Ted Lai, an Education Development specialist with Apple, made the following comment at MacWorld|iWorld 2013 this past January: "Education is the only profession in which one can say 'no' to technology." Interesting. And, both ponderous and perplexing. I'd bet all doctors at Massachusetts General Hospital are on board with technological changes. Same for the engineers employed by General Motors, Boeing, and United Airlines. But, in education we typically have schools with a dichotomy between those who do and those who don't. Pick a school and you are likely to see the following: One mathematics class is taught by a teacher who uses graphing calculators, computer software, and, possibly, iPads. Next door, the same course is taught by a teacher who doesn't allow the use of technology of any kind. How is this possible? Part of the problem is curriculum. Technology allows many more mathematical topics to be explored, and more interesting problems to be solved. If schools allow the dichotomy, and most do, the curriculum has to remain the same as it has been for decades.
Here's an example: Last week I covered the final exam in a calculus course for a colleague of mine. She reminded me that no calculators were allowed on the exam. So, I gave the exam which was essentially the same exam that a teacher in 1813 could have given her students. Why do we continue to cater to the lowest common denominator, the teacher who doesn't allow technology?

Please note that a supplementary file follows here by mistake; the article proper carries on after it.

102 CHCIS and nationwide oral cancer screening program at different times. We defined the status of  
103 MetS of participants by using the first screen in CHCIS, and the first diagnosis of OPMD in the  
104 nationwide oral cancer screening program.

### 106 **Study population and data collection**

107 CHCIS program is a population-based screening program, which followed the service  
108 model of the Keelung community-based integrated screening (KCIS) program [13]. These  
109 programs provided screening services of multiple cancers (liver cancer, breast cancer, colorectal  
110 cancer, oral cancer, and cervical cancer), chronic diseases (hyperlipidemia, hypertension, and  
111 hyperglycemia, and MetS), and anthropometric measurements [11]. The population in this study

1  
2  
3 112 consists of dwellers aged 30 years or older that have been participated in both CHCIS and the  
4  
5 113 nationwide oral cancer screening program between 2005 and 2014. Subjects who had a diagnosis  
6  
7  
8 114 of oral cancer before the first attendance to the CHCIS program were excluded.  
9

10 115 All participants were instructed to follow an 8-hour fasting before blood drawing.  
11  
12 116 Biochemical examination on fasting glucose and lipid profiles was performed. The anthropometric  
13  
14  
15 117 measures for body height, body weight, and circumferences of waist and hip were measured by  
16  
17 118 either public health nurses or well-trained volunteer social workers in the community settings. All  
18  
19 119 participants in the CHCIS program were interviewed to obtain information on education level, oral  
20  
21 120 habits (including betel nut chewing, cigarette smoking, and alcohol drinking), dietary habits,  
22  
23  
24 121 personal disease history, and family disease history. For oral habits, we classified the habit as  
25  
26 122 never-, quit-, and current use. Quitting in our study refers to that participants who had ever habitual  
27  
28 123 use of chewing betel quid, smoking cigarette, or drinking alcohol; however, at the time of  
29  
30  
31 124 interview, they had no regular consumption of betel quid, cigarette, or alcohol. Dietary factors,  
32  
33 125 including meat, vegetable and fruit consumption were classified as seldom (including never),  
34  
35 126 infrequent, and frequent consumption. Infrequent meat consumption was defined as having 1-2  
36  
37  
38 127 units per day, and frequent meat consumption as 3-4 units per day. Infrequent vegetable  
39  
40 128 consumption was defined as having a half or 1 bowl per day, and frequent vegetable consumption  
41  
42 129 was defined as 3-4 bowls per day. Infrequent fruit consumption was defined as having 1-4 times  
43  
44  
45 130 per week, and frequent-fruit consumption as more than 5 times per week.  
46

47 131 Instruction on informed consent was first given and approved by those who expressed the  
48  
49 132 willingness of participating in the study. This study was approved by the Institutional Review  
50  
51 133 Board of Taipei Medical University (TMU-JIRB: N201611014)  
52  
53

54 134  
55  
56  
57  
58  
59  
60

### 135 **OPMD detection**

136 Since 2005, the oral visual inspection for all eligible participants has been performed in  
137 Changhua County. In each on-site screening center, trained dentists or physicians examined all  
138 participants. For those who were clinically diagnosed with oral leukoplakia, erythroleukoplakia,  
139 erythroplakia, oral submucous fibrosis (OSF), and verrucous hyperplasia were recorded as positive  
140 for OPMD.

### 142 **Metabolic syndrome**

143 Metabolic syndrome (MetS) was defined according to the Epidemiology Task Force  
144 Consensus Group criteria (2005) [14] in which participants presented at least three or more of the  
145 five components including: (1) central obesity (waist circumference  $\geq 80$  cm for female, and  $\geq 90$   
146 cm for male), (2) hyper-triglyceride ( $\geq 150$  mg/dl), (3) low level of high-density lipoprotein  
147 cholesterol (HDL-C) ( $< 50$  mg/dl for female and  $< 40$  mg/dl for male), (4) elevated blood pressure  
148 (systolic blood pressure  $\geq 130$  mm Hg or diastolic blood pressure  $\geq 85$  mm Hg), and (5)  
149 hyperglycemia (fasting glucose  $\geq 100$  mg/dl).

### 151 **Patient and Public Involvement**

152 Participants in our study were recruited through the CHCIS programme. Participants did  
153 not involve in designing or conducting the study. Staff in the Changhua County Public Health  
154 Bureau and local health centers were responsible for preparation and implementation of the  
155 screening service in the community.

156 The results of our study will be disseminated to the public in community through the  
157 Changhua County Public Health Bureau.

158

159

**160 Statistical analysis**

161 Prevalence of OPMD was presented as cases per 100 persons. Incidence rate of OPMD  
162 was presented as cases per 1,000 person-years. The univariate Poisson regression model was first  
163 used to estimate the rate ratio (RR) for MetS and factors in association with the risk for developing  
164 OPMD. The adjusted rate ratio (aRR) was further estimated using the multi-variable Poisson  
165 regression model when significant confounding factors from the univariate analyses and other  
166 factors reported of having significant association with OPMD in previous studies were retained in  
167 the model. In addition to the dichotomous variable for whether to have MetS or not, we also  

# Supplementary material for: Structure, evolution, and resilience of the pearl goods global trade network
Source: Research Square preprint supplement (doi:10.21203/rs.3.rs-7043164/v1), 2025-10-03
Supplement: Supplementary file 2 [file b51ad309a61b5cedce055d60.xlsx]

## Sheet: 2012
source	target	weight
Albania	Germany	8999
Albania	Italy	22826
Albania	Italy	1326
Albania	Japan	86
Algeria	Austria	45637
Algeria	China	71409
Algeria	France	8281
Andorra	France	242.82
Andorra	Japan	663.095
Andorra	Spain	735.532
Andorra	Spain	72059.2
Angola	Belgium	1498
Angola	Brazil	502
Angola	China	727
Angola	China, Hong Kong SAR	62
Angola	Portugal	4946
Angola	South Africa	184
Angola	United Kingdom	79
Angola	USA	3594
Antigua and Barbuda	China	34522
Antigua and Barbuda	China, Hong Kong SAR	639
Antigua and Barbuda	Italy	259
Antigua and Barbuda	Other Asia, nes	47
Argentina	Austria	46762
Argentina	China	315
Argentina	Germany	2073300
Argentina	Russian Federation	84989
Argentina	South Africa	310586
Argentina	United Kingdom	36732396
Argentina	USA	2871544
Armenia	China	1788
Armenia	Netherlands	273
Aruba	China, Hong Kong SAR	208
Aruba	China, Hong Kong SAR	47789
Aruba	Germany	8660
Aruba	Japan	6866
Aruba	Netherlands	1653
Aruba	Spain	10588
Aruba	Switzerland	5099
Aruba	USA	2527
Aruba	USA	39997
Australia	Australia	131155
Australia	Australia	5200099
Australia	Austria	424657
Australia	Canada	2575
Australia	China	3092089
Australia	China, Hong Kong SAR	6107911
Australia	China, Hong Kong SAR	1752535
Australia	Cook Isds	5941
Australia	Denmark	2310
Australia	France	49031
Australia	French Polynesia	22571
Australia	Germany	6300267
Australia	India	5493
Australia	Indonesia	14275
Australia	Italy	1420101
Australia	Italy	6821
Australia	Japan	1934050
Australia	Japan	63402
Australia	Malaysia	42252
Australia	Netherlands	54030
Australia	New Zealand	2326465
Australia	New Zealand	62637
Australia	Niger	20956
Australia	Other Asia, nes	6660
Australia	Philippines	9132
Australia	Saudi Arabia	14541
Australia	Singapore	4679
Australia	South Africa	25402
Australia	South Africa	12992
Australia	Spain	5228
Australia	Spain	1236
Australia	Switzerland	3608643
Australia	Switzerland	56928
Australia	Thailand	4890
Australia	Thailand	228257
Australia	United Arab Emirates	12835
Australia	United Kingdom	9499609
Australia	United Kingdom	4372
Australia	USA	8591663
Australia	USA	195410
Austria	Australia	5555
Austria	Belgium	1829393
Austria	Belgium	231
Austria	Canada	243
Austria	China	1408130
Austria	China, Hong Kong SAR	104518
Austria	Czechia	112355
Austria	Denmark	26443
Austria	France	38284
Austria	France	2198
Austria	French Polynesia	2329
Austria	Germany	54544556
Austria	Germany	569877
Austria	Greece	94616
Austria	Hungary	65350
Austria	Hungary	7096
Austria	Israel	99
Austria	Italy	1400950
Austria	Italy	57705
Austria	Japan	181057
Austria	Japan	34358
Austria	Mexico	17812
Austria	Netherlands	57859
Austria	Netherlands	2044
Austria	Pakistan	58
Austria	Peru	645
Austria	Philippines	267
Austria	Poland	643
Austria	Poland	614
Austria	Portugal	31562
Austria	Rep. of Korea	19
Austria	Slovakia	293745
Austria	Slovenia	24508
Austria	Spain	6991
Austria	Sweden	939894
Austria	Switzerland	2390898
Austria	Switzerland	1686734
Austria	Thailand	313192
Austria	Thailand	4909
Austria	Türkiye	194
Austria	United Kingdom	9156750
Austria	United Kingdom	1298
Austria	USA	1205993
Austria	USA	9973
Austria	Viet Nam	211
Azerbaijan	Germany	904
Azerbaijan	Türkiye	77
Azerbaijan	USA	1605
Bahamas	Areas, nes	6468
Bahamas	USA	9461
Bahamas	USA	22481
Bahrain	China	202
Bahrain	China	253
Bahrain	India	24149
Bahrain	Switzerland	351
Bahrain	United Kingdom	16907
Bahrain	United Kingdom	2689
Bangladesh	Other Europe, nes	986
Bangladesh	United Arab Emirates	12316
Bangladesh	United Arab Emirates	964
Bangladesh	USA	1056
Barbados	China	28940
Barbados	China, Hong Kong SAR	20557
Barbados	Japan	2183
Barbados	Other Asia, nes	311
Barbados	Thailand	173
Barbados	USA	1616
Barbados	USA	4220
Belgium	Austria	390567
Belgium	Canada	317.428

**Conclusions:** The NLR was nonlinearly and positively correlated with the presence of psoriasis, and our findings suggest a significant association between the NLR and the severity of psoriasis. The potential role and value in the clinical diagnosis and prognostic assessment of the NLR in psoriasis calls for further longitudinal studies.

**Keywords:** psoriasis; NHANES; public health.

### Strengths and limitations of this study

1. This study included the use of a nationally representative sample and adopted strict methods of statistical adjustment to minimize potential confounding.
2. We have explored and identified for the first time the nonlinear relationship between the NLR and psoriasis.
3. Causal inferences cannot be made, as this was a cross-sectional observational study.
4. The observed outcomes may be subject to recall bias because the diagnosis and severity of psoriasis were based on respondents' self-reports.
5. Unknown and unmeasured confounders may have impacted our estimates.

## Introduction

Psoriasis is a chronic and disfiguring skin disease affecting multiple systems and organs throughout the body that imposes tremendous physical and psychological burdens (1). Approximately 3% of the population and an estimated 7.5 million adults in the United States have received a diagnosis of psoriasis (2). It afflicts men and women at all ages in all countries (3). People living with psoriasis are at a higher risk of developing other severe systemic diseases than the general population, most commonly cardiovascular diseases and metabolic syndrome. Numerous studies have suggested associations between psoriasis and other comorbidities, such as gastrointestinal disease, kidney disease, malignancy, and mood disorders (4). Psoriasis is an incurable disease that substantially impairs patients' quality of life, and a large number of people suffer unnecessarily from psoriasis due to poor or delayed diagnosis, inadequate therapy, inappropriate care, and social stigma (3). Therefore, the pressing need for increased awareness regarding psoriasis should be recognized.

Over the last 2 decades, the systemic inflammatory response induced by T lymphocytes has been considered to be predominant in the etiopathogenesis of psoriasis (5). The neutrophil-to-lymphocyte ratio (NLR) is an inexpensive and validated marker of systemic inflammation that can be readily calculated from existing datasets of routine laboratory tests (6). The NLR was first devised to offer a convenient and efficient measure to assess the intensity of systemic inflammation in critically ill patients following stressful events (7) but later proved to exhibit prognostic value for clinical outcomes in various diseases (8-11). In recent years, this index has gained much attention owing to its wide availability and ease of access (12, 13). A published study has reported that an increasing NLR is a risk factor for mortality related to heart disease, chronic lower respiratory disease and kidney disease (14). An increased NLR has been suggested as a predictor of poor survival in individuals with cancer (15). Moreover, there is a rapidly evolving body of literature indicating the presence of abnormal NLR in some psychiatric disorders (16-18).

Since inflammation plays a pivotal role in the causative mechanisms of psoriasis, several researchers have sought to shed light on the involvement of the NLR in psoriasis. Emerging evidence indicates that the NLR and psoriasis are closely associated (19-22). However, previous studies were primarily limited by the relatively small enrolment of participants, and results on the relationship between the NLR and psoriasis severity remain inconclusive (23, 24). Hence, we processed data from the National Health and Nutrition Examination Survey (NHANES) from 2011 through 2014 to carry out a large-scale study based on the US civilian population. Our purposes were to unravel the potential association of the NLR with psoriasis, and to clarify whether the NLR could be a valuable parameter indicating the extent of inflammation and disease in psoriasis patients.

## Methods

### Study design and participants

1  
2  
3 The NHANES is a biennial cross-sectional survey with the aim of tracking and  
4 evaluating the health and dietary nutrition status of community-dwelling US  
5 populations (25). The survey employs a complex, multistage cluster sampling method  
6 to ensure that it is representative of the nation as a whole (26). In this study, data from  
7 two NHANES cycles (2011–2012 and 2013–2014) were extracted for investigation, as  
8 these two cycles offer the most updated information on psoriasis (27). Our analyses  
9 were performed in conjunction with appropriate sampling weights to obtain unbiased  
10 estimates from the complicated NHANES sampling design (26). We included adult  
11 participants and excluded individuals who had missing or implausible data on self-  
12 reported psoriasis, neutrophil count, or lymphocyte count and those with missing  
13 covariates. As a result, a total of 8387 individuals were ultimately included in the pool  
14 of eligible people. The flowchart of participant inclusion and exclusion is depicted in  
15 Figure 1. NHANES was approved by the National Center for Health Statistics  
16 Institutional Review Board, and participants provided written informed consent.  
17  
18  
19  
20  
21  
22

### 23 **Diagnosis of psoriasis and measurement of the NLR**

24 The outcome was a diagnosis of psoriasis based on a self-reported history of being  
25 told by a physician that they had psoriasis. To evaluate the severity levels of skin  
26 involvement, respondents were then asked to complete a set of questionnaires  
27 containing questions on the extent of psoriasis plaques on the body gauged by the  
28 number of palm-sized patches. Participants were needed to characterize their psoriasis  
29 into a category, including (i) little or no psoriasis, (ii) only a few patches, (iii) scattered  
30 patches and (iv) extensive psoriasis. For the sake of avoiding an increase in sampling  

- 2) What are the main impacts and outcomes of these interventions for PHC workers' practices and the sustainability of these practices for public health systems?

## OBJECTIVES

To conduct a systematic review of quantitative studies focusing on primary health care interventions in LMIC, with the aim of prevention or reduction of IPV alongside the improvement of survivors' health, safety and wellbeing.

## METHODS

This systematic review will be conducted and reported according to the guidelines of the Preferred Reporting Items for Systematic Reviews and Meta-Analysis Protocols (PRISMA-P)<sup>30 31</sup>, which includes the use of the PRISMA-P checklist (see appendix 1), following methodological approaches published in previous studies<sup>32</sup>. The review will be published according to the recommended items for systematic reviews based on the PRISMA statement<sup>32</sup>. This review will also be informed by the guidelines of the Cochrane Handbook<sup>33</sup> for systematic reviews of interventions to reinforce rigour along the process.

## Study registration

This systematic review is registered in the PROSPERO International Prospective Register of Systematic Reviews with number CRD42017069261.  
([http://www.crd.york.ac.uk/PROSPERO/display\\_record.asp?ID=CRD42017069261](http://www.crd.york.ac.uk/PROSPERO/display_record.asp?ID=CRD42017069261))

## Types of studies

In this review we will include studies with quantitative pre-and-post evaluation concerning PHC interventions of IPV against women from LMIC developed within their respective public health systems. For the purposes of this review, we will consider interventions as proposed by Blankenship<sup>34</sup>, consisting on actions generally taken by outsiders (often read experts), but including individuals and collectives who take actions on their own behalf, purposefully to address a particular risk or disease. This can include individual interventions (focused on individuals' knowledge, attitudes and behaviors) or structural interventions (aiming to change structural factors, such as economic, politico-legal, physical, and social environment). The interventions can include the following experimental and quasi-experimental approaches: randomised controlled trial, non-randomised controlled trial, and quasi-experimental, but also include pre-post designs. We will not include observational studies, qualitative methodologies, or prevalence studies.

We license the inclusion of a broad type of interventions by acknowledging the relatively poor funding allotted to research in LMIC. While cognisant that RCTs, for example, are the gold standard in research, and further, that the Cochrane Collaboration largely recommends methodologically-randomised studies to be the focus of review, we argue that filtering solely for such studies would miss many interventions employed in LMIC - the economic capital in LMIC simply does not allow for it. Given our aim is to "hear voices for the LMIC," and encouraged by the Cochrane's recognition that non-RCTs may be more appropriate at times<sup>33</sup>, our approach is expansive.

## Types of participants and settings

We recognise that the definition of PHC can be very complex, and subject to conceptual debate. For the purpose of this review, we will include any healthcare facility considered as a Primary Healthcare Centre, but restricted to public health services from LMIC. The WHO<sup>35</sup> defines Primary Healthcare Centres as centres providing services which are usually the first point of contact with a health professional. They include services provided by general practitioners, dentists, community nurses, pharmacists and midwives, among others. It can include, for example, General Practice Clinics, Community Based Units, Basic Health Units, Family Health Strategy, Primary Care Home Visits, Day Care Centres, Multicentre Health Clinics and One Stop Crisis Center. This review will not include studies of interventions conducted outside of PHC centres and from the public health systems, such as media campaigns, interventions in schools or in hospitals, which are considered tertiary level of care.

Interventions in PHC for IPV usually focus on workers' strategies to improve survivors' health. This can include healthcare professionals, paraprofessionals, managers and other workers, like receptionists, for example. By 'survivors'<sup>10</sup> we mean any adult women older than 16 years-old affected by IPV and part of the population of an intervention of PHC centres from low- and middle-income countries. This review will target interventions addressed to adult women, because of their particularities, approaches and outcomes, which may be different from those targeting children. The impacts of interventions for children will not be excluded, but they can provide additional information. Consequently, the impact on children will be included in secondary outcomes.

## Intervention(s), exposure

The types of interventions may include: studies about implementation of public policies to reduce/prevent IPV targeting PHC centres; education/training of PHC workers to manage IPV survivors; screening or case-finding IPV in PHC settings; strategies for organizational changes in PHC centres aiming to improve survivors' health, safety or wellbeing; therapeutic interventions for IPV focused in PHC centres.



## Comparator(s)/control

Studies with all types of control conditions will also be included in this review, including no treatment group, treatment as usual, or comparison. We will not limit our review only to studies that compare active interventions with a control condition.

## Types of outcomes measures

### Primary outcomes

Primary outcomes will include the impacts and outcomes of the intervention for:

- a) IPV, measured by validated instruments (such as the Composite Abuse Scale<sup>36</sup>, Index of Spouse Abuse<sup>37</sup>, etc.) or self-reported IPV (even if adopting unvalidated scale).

Moreover, with the introduction of iPads into schools, the dichotomy grows more. Where it used to be primarily in mathematics where arguments over whether or not to allow technology - calculators - in the classroom raged, now it's in history, English, language, and art.
Change requires leadership. Our principals, department chairs, and district administrators need to lead teachers into the 21st century. They need to get into the classrooms of those teachers using technology to enhance education, observe what's going on, and support them. These are the teachers that should be celebrated and recognized for advancing education.
More later, after I attend iTeach at the San Domenico School in San Anselmo, CA later this month. This is a great conference hosted by a school that has committed to removing the dichotomy totally.